BREAKING NEWS: I’m a law nerd.
That’s why I work for United States Law Week (a.k.a. U.S. Law Geek, though not by anyone else except for me).
Here, we dig into of the moment stuff, like how fascinating preemption cases are, why the Supreme Court is taking so long on the Native American jurisdiction case, and how a “minor correction” to a Supreme Court opinion could give an inside scoop into the storied institution following the unexpected death of Justice Antonin Scalia.
And I tend to think that Supreme Court-watchers are… umm… how should I put this… ridiculously geeky too.
That’s why I was a little surprised when SCOTUSblog founder Tom Goldstein used the term “boring” *gasp* to describe next term’s U.S. Supreme Court cases to me shortly after the last term ended in June.
Ok, I get it. No major civil rights cases. No Obamacare disputes. Not even a good constitutional challenge to the death penalty on the high court’s docket yet.
But, that’s really the way things typically are at the Supreme Court, the Cato Institute’s Ilya Shapiro told me earlier this summer.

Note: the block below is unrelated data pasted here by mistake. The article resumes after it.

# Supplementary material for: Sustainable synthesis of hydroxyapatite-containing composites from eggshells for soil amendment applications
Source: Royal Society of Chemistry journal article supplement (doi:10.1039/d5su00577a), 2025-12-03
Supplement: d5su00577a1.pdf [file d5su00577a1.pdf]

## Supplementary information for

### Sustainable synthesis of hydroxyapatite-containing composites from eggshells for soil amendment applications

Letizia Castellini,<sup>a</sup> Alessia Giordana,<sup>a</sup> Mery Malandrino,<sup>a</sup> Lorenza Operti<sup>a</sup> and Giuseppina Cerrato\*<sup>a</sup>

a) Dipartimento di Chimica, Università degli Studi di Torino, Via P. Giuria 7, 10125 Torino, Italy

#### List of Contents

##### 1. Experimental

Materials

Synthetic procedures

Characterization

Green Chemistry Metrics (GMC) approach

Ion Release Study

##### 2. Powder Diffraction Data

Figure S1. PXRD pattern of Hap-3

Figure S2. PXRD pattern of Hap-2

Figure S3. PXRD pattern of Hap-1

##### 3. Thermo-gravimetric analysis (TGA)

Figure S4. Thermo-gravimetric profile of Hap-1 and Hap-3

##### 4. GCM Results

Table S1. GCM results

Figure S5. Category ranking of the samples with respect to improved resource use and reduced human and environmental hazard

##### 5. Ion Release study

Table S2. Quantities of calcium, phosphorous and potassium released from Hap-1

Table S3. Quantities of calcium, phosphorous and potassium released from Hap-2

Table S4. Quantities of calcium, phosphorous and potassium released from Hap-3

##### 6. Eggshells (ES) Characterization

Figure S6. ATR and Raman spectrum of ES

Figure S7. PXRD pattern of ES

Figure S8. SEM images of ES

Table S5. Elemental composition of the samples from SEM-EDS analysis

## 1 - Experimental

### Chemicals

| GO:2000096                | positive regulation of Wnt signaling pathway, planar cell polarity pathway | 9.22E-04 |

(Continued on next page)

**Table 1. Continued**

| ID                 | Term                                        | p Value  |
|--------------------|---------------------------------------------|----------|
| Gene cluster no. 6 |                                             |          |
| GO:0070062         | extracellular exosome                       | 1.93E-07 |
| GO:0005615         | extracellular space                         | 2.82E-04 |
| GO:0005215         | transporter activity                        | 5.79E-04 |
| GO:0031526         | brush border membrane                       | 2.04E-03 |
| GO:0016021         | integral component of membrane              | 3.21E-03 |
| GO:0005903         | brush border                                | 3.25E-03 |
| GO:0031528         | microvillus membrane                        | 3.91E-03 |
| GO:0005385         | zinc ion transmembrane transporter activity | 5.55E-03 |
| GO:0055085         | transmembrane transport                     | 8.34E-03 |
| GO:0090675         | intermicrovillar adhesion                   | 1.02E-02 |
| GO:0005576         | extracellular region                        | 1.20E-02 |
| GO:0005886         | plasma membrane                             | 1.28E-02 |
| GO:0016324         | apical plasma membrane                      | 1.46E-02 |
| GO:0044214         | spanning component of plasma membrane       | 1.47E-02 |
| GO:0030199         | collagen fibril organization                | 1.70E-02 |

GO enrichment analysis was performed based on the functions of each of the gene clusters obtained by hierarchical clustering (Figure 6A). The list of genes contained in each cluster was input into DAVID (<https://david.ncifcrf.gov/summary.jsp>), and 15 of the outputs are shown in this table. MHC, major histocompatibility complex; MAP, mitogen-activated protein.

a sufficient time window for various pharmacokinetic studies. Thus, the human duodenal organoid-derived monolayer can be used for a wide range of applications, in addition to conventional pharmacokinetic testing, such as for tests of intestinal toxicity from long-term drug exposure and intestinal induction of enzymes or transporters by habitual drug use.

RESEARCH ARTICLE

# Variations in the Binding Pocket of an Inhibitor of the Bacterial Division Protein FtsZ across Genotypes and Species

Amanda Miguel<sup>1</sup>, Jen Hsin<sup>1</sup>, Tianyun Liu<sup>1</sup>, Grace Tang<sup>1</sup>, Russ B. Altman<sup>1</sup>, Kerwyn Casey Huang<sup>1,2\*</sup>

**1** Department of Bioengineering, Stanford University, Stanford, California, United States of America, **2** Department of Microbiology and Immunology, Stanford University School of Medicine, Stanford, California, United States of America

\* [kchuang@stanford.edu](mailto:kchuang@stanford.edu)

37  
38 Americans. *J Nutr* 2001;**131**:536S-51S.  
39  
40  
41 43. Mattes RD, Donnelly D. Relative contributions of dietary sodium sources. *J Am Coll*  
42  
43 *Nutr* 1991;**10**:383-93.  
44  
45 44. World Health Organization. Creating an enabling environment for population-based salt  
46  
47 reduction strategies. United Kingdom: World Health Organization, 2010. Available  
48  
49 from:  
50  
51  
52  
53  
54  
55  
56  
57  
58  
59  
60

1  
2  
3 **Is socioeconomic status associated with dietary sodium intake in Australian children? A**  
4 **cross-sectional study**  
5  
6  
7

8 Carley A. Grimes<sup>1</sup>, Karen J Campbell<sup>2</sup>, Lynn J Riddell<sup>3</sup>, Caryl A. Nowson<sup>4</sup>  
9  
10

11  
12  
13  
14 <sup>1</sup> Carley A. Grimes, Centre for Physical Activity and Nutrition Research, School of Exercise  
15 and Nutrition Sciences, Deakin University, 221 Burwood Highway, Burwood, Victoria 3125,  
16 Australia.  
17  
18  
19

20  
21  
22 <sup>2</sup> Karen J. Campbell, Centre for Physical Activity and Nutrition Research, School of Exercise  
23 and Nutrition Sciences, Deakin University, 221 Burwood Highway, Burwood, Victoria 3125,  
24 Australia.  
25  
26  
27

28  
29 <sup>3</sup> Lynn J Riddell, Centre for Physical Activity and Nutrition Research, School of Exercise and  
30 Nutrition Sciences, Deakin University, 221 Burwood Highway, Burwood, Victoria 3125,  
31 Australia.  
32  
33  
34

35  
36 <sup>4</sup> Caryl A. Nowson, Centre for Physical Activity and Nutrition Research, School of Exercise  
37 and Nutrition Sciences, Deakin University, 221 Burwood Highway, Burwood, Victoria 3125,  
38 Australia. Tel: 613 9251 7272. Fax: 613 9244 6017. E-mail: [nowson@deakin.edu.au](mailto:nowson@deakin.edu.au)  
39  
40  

It’s unusual for the Supreme Court to be on the front page of every newspaper come June, like it has been over the last few terms, Shapiro said.
What we’re seeing this term is really just a “regression toward the mean,” he added.
So for a nonrandom sample (I love statistics almost as much as I love the law) of cases that might “interest” you, head over to United States Law Week.
Or for a case-by-case look at the term, check out our Cases and Controversies podcast. We’ll be adding more previews throughout the term.
Finally, with a free trial to U.S. Law Week, you can get even more Supreme Court coverage.
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